Before the threat of losing their insurance materialized, the city had failed to invest in adequate training for police officers, citing budgetary concerns. The two-dozen members of the department only had about 300 hours of training in three years. But fearful that their force could be disbanded without sufficient reform, the city dedicated money from asset forfeitures—a practice that itself is under scrutiny—and used it on training sessions for officers. Members of the police department participated in around 1,000 hours of training in a single year after CJPIA got involved.

As the trials of the three policemen accused of wrongdoing moved through the courts, Miranda reviewed spreadsheets with the city’s risk manager and regularly sent status reports for ongoing investigations. “It was pretty tough but long overdue,” he said. Eventually, the three officers went to prison for their crimes, and Irwindale kept its liability insurance and police force.

Lefmann said Irwindale’s claims have gone down since the performance improvement plan was completed, but was quick to note that “when there are systemic issues, it doesn’t change overnight.” And, because of the recent multimillion-dollar settlement in the “explorer scout” case, Irwindale is still exposing other members of the risk pool to claims that far outpace the small city’s contributions.

Nevertheless, “now we’re in a much better place,” Miranda said. His remaining police officers were able to “change their morale and attitude and get right,” he said. “At the end of the day this very negative thing was a very positive thing for our city.”

By RACHEL B. DOYLE/TheAtlantic

Posted by The NON-Conformist

US Army lost track of $1 billion worth of arms & equipment in Iraq, Kuwait

A newly released declassified audit from the US Department of Defense shows that negligent accounting by the military has resulted in the Pentagon not knowing what happened to more than $1 billion in arms and equipment meant for the Iraqi Army.

The Office of Inspector General for the Pentagon’s findings from September 2016 was made public Wednesday as a result of a Freedom of Information Act (FOIA) request from human rights group Amnesty International.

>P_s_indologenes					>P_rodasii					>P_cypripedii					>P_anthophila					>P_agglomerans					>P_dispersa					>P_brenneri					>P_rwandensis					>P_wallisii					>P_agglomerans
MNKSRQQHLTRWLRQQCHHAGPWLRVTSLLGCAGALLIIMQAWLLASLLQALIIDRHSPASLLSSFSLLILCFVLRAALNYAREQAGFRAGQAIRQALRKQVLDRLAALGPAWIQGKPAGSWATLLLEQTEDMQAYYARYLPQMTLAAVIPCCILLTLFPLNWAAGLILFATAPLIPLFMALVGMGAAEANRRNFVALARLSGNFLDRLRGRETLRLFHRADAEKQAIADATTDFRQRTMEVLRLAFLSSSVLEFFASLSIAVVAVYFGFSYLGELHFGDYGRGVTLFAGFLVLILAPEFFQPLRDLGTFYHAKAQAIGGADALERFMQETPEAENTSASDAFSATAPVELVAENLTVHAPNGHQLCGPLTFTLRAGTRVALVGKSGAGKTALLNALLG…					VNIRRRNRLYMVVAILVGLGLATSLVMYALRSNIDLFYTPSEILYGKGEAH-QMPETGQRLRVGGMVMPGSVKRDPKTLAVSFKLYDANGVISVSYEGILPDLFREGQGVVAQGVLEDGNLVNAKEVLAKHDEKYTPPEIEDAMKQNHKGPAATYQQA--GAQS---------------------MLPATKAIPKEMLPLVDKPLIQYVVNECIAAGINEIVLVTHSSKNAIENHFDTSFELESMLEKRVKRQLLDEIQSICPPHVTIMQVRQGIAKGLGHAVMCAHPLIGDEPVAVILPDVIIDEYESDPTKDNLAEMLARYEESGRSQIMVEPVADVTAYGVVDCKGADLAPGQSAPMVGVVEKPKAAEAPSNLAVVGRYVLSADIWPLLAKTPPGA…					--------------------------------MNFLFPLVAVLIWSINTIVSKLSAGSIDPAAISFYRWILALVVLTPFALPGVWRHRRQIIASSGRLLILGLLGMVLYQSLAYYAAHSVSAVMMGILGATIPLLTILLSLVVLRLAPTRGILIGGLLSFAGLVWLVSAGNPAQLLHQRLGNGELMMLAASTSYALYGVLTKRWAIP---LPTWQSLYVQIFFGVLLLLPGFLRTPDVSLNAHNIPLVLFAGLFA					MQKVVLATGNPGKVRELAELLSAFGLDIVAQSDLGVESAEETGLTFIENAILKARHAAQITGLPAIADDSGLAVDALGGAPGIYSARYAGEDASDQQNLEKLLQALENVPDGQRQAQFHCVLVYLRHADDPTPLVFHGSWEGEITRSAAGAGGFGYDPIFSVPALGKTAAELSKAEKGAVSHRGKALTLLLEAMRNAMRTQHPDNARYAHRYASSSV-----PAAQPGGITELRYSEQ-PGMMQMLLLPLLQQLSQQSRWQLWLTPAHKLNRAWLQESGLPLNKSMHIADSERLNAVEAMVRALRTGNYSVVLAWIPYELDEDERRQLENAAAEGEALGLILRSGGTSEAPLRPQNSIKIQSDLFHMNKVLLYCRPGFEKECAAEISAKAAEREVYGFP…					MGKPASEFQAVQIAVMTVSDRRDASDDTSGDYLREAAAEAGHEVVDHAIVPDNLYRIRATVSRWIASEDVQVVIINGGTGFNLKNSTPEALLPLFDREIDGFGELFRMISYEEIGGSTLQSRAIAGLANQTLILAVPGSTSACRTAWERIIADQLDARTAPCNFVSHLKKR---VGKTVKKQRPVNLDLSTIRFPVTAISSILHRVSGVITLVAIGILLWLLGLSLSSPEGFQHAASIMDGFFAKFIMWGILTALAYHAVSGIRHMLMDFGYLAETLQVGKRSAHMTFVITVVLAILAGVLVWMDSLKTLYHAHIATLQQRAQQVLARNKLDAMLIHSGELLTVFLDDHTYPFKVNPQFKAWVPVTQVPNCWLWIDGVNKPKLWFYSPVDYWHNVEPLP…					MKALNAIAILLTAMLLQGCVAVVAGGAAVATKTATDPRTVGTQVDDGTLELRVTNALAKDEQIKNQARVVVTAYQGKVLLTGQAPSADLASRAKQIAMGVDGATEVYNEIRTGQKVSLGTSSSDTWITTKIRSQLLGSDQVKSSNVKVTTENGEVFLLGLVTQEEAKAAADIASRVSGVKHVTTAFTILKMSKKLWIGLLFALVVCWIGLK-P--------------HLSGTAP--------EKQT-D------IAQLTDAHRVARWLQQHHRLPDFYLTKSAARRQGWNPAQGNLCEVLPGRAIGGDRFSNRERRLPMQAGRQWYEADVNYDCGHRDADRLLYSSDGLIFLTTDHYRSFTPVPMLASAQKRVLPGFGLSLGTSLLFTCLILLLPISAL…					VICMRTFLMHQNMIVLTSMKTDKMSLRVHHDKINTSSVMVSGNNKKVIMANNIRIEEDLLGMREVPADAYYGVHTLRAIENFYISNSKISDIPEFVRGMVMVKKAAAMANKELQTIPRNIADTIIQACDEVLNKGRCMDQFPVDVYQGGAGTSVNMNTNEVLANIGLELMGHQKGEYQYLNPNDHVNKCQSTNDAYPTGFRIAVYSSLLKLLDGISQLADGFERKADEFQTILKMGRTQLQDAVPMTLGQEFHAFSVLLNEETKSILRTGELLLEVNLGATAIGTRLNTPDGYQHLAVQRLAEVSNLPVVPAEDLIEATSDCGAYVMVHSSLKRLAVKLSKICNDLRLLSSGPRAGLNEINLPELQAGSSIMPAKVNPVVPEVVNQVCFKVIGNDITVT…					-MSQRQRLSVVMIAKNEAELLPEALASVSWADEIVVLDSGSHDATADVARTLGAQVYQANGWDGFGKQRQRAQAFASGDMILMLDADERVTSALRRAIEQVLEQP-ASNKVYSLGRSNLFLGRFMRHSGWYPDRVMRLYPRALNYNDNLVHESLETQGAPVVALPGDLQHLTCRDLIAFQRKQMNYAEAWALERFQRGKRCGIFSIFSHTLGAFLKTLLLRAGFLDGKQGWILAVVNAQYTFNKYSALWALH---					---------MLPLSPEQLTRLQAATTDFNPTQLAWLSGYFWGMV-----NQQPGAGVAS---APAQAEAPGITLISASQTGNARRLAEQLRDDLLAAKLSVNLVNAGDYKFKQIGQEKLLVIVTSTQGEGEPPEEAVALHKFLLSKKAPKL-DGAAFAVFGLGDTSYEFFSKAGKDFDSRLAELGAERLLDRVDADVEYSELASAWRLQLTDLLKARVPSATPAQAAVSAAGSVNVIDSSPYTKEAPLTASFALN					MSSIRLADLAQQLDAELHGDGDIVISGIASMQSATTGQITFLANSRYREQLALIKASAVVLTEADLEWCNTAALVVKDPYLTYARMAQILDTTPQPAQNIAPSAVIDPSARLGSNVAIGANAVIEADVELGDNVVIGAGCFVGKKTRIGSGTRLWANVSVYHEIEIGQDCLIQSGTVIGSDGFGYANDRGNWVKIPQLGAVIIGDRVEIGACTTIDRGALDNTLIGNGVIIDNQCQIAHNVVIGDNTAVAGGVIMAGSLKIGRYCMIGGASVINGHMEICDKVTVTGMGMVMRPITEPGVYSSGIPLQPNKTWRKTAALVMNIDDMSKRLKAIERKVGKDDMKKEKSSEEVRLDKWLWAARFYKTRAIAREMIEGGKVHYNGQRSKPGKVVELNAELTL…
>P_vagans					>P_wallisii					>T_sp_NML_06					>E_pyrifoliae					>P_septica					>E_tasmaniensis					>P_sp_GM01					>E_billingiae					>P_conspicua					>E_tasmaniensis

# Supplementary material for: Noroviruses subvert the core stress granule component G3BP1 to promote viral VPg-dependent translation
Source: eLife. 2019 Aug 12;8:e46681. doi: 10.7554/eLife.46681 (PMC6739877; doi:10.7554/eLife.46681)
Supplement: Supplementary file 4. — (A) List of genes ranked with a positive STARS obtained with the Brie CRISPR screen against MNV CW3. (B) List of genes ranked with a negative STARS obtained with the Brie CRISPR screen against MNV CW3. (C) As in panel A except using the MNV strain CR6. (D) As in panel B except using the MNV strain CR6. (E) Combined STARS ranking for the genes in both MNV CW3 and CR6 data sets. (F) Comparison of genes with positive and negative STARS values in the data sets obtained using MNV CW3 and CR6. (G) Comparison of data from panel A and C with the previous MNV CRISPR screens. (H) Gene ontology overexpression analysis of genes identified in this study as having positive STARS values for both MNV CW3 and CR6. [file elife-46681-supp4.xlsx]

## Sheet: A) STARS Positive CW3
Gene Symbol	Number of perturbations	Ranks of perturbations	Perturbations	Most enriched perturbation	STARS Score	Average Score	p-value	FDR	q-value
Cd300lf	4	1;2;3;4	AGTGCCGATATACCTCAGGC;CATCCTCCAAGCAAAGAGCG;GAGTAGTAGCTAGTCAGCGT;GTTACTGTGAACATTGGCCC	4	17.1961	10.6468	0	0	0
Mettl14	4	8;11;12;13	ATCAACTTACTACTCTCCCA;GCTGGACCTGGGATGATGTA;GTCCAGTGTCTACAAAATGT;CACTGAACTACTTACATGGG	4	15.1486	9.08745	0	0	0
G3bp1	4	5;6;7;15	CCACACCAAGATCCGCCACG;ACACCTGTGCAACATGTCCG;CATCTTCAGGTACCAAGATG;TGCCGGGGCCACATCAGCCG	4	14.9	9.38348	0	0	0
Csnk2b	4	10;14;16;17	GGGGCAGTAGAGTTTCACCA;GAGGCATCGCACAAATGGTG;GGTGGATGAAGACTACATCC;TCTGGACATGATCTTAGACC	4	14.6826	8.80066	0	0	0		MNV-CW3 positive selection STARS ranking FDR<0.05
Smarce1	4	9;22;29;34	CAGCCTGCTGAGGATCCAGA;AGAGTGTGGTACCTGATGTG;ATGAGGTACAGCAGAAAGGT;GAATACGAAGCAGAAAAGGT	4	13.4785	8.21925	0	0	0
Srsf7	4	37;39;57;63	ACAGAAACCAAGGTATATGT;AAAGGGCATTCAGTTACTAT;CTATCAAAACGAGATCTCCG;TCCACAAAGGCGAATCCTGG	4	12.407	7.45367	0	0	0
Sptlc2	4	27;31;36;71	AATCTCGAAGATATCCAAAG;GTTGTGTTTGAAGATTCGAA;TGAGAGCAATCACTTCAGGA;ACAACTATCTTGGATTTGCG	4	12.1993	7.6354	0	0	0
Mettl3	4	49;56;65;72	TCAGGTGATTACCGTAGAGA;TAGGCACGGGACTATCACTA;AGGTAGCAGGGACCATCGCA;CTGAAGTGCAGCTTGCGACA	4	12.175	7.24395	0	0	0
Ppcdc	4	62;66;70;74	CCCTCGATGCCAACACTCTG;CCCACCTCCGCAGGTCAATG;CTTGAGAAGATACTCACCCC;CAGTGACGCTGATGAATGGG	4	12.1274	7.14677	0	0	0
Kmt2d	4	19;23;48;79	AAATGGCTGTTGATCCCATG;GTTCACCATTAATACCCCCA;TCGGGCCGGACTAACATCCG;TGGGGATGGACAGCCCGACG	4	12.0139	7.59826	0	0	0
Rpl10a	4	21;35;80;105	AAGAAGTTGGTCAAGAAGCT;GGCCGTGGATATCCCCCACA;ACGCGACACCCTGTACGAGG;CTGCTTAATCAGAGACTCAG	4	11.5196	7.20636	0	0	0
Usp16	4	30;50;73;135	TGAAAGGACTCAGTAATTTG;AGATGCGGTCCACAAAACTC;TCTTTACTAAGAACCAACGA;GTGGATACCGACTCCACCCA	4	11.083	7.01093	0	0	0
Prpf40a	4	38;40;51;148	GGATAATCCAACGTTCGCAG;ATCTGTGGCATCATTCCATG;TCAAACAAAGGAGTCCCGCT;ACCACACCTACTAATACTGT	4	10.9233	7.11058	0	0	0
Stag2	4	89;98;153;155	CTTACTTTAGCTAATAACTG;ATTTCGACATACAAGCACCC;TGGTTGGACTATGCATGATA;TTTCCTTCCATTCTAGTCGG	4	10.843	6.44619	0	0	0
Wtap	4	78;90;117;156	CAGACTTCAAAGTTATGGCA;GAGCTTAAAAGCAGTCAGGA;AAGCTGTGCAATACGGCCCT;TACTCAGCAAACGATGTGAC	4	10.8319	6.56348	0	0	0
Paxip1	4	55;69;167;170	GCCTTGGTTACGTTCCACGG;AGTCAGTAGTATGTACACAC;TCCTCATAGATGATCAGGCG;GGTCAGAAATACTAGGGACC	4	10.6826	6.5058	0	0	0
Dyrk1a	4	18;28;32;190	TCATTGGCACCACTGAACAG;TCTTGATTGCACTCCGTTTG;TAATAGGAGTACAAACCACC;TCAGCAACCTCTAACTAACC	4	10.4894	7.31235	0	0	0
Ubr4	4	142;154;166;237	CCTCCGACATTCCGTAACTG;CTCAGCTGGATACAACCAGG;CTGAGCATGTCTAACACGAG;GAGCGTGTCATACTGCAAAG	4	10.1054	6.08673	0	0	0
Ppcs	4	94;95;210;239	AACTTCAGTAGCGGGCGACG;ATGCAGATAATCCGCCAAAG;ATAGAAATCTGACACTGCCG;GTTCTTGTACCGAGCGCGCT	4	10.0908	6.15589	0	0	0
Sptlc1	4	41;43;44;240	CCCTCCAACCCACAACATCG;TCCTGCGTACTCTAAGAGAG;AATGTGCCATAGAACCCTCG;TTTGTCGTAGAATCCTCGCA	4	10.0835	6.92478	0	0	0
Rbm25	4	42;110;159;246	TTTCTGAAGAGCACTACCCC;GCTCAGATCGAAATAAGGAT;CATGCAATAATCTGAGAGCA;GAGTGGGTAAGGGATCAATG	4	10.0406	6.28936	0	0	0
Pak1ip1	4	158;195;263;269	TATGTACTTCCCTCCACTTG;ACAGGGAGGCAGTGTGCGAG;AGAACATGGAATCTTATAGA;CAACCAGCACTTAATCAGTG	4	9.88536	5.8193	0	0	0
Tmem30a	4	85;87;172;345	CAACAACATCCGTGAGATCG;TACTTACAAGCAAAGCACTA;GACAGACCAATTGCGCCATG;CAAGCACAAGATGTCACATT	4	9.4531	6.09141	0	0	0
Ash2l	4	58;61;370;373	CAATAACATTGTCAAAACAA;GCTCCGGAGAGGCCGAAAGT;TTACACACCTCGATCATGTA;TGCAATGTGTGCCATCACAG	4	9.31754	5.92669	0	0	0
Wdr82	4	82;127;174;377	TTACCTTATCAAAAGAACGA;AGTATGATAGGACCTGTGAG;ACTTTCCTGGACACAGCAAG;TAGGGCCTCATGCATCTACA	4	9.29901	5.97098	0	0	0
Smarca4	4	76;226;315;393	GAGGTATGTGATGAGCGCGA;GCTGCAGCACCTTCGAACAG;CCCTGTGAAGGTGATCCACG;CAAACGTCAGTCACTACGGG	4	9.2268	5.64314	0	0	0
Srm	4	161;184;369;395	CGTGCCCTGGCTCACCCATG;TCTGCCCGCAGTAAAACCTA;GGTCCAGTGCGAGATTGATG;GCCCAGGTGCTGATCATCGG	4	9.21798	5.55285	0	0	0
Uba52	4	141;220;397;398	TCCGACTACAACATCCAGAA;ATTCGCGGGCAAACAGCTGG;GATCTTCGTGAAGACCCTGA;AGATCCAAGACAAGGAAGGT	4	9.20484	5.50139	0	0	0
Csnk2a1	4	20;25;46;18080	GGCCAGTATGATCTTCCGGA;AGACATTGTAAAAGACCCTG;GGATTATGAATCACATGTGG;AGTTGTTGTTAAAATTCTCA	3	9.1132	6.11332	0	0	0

Over $1 billion worth of arms and military equipment designated under the Iraq Train and Equip Fund (ITEF) and meant to assist the Iraqi government in combatting Islamic State (IS, formerly ISIS/ISIL), was not accounted for, the DOD audit found.

READ MORE: US to switch from free military grants to loans for Ukraine & others

The Army’s 1st Theater Sustainment Command “did not have effective controls to maintain complete visibility and accountability of ITEF equipment in Kuwait and Iraq prior to transfer to the Government of Iraq,” the audit said.

“This audit provides a worrying insight into the US Army’s flawed – and potentially dangerous – system for controlling millions of dollars worth of arms transfers to a hugely volatile region,” Patrick Wilcken, Amnesty International’s Arms Control and Human Rights Researcher, said in the announcement on the group’s website.

“It makes for especially sobering reading given the long history of leakage of US arms to multiple armed groups committing atrocities in Iraq, including the armed group calling itself the Islamic State.”

The ITEF began as a $1.6 billion program, but last year, Congress appropriated $715 million more to it.

The transfers included, according to Amnesty, “tens of thousands of assault rifles worth $28 million, hundreds of mortar rounds and hundreds of Humvee armoured vehicles” to the Iraqi Army, including the predominantly Shi’a Popular Mobilization Units and Kurdish Peshmerga fighters.

While the Pentagon promises to do better, that means little to Amnesty, which noted that the same sentiments were expressed to Congress in 2007 when similar concerns arose.